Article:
'I nearly fell off my chair!': your letters to Professional Engineering

Professional Engineering

(Credit: Shutterstock)
(Credit: Shutterstock)

Electrification is the way forward

"The article “Clearing the line” by Dave Shirres was a timely restatement of what most of us who have worked in the industry know, that further electrification is the only way for rail to be less carbon-hungry and more energy efficient (Professional Engineering No 5, 2019). 

Hydrogen power and bi-mode trains have their own constraints and, due to the mass and energy-density issues that Shirres highlights, can never be the best route to de-carbonisation.

However, if we are to electrify, while also improving overall rail network performance to make train travel more attractive and increase market share, then we have a lot of work to do to make the electrification system more reliable and resilient. 

The recent national grid outage had a disproportionate effect on the rail network due to a weakness in the restart capability of a particular train fleet. Electrification infrastructure failures are not uncommon, and when they occur are highly disruptive, with routes often blocked for hours. Even cutting-in a stand-by on-train diesel generator is of little help if damaged overhead line equipment is strewn across the tracks or wrapped round the locomotive!

Some topics that need addressing include renewal or refurbishment of older overhead line equipment, more rigorous maintenance of alignment and tensioning, elimination as far as possible of head-span overhead line systems where damage to the wiring on one line invariably closes all the other tracks, vegetation management to reduce the number of trees falling onto overhead equipment, and wiring of more diversionary routes. 

Work is also needed on feeder-station capacity – there are routes where diesels are welcomed by Network Rail because there isn’t the power supply capacity to sustain a full electric service. We must also mitigate against climate change consequences of intensified wind and rain impact on equipment.

Lastly there is the need to promote common understanding between electrification and rolling-stock engineers – in the British Rail era this all came under one technical department whereas in the recent past new train introductions have been delayed by wrangles over the train/infrastructure current collection interface at the contact wire.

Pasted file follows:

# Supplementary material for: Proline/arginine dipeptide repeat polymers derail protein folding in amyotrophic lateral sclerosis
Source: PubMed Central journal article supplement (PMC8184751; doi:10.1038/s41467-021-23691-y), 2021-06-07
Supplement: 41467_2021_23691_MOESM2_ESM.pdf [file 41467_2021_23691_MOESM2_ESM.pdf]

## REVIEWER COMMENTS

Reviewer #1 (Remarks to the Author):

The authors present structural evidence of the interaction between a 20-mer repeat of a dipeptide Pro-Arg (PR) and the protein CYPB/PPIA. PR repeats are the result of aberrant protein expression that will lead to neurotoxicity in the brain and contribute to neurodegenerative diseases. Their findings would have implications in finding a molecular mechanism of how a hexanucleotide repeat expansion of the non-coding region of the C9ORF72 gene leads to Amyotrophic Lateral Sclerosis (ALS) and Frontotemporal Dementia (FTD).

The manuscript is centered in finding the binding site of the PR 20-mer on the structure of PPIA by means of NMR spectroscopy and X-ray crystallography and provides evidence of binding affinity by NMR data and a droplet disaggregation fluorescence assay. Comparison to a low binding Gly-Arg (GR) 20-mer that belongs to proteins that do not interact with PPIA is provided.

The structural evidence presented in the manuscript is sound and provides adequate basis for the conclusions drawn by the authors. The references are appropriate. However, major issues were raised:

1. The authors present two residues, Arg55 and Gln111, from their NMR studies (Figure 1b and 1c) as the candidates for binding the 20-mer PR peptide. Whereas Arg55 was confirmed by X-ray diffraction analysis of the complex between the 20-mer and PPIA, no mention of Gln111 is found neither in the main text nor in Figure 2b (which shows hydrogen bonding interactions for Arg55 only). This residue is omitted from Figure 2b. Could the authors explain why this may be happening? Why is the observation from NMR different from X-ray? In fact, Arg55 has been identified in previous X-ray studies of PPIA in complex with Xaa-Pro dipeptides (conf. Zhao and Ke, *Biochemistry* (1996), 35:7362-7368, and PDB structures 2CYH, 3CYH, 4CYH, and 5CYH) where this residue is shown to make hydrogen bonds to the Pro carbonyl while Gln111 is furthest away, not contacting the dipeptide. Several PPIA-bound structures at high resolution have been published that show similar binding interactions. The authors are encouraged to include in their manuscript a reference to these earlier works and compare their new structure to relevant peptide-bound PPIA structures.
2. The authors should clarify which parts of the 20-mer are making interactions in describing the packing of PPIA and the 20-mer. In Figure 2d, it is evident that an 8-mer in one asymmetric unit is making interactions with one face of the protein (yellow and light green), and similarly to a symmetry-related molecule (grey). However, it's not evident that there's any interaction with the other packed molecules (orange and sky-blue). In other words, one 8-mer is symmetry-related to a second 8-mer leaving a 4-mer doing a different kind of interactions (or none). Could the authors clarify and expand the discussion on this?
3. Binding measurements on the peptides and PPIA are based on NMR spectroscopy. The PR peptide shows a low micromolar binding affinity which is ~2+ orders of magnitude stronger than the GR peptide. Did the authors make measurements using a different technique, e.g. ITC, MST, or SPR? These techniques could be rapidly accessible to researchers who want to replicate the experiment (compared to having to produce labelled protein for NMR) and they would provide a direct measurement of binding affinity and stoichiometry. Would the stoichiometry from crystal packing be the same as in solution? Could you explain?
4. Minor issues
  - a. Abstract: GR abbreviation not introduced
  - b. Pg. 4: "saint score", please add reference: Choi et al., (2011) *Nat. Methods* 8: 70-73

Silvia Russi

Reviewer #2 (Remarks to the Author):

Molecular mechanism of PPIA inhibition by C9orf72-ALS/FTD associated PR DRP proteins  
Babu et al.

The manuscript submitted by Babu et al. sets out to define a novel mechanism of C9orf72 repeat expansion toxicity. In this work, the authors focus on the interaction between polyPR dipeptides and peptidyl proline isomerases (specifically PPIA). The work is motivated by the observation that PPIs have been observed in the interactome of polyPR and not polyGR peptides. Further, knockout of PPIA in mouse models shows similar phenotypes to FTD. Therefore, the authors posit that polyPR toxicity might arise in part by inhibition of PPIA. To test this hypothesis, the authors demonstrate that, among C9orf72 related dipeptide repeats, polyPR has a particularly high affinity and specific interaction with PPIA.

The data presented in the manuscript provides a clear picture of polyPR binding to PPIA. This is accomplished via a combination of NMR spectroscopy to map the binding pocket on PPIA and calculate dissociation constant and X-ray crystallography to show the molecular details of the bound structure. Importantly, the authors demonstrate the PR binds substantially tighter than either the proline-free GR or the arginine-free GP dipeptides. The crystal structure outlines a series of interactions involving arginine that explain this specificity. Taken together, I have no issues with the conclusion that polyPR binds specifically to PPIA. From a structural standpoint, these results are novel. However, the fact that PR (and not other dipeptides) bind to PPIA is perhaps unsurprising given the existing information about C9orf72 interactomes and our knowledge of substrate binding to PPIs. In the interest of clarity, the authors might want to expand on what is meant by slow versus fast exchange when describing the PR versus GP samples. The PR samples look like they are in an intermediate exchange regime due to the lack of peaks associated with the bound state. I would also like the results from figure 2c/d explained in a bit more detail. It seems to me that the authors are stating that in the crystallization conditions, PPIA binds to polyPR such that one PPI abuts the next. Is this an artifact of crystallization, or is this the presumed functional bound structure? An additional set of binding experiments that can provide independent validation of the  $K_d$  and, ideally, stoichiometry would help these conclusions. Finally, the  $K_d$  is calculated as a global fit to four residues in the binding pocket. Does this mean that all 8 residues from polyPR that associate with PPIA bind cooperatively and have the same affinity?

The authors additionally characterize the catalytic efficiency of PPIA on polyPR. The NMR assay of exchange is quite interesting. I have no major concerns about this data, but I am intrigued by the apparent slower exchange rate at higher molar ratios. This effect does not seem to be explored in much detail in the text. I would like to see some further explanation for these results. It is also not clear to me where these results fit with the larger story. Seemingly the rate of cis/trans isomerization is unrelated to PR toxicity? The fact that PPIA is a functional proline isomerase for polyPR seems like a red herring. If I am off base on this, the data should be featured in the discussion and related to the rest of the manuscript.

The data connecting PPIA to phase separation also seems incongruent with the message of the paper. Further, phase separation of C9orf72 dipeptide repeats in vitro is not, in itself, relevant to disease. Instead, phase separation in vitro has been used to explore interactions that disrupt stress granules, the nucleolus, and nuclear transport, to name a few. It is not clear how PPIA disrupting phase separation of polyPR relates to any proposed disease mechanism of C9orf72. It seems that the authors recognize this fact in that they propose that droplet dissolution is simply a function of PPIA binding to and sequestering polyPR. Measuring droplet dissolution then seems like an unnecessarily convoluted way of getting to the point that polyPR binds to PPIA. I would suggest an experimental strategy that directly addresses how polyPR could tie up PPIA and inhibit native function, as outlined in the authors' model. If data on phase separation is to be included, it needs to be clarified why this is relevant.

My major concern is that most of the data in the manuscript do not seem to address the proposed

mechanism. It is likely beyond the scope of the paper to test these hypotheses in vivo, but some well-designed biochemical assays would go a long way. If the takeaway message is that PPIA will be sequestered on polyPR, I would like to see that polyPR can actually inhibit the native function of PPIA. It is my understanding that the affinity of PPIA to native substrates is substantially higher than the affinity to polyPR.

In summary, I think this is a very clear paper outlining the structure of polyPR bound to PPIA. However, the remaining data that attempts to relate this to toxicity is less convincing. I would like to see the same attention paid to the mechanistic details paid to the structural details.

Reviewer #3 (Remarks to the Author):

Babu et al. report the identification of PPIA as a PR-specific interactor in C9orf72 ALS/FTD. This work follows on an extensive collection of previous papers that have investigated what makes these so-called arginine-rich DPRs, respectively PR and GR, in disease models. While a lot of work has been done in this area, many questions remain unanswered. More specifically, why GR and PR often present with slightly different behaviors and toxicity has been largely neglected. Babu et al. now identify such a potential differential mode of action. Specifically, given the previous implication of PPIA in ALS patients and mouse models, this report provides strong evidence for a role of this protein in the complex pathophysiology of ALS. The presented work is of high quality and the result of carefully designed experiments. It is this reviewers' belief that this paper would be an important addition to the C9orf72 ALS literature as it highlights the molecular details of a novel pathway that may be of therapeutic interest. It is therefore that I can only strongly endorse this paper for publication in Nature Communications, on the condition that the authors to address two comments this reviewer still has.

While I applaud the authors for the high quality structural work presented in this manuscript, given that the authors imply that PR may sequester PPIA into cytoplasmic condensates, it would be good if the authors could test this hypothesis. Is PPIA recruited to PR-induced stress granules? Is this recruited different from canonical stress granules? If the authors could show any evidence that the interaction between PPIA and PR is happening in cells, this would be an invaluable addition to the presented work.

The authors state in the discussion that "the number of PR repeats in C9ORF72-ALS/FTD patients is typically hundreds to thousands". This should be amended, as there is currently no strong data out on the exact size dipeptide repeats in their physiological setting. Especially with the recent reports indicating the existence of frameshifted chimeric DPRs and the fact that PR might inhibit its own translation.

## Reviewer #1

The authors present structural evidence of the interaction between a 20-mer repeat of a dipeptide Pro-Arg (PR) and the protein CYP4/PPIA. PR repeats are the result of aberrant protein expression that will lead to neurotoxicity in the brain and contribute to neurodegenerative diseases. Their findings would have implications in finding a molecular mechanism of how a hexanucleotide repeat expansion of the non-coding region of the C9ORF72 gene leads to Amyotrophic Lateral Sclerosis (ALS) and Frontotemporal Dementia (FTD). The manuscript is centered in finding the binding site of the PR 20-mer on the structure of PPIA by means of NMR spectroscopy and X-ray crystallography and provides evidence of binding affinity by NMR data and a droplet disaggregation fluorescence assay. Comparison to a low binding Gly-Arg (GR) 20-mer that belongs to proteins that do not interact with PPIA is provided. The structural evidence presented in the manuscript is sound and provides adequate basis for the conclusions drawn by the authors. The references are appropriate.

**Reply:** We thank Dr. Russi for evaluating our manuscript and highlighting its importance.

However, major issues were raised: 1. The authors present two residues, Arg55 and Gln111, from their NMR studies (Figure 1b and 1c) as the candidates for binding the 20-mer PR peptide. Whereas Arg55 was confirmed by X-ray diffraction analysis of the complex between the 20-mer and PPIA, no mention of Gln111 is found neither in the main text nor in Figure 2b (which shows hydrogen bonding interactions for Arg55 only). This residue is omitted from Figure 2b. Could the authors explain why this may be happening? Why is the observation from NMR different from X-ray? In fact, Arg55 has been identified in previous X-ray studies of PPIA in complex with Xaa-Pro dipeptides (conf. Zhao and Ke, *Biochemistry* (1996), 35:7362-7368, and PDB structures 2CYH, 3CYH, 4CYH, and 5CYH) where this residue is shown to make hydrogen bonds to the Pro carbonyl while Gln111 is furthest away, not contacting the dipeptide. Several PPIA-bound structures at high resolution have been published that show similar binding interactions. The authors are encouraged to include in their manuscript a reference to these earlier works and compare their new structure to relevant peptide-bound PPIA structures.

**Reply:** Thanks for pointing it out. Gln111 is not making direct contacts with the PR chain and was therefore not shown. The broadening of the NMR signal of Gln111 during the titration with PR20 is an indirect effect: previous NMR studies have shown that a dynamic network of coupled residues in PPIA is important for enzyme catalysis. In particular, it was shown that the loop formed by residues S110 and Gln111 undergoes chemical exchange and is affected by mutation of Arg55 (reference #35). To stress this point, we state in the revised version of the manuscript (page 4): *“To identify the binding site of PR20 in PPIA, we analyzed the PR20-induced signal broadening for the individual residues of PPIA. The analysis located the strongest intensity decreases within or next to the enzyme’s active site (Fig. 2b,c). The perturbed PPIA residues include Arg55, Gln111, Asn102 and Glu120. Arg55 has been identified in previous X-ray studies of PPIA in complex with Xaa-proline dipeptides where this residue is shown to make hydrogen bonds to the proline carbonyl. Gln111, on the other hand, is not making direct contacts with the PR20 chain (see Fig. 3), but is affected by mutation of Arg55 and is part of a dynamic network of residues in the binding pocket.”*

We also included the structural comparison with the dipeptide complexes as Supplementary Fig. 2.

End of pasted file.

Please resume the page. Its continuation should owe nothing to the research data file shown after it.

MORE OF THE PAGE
Only when we have confidence in a highly robust electrification network, embracing a systems integration approach with the trains themselves, can we with confidence demand the further electrification that is indeed the best way forward for the passengers and the environment."

Phillip Hinde, East Sussex

More salt please

"I was prompted to write as a result of the recent cooling tower demolition at Didcot Power Station and by a newspaper article, which queried who was going to pay for the costs of uprating the power distribution system resulting from increasing electrical demand.

It must make more sense to have a distributed system of generation rather than a small number of very large and vulnerable generating plants.

Reusing existing generation sites, which are already connected to the national grid, and replacing the coal-fired equipment with for example the Moltex Stable Salt Reactor system with all its known benefits has to be the way forward. This option provides a robust arrangement from a risk point of view with better diversity and avoids the huge cost of increasing transmission capacity from a small number of high-output, expensive stations.

Have we missed a trick or am I just having a bad day?"

Marcus Field-Rayner, Bury St Edmunds, Suffolk

Rejigged rigs

"How opinions change! In the mid-1980s I was a member of the then Aberdeen Panel, and we put on a lecture about disposing of old offshore installations at the college in Fraserburgh, Aberdeenshire (“New life for old rigs,” Professional Engineering No 6, 2019). 

There was a retired trawler skipper in the audience, who was all in favour of breaking up the rigs and spreading them across the seabed. First, he argued that the wreckage would provide shelter for young fish and become a nursery bed. Secondly, he argued that nobody would fish the area for fear of snagging their nets and losing them. He argued that this would allow fish to develop for his sons and grandsons to catch (his words).

Apparently, it was impossible to insure the nets, but more importantly there have been incidents since where trawlers have been dragged under by snagged nets.

Ten years later we had all the controversy over the disposal of the Brent Spar, because of worries about pollution. Come forward another 20 years and it is now respectable to use redundant installations as artificial reefs.

The old trawler skipper was right."

John Torrance, Flookburgh, Cumbria

Social engineering

"At my recent NHS information governance training session, the leader was speaking about criminals ‘phishing’ for information by posing as service providers from telephone and pension companies. 

He coined an expression I had not heard before, ‘social engineer,’ to describe these criminals. I nearly fell off my chair! 

It’s one thing to be grouped with a car mechanic on Coronation Street but now we are grouped with con merchants, crooks, embezzlers and fraudsters!


Jim Marr, Brigg, Lincolnshire

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Content published by Professional Engineering does not necessarily represent the views of the Institution of Mechanical Engineers.

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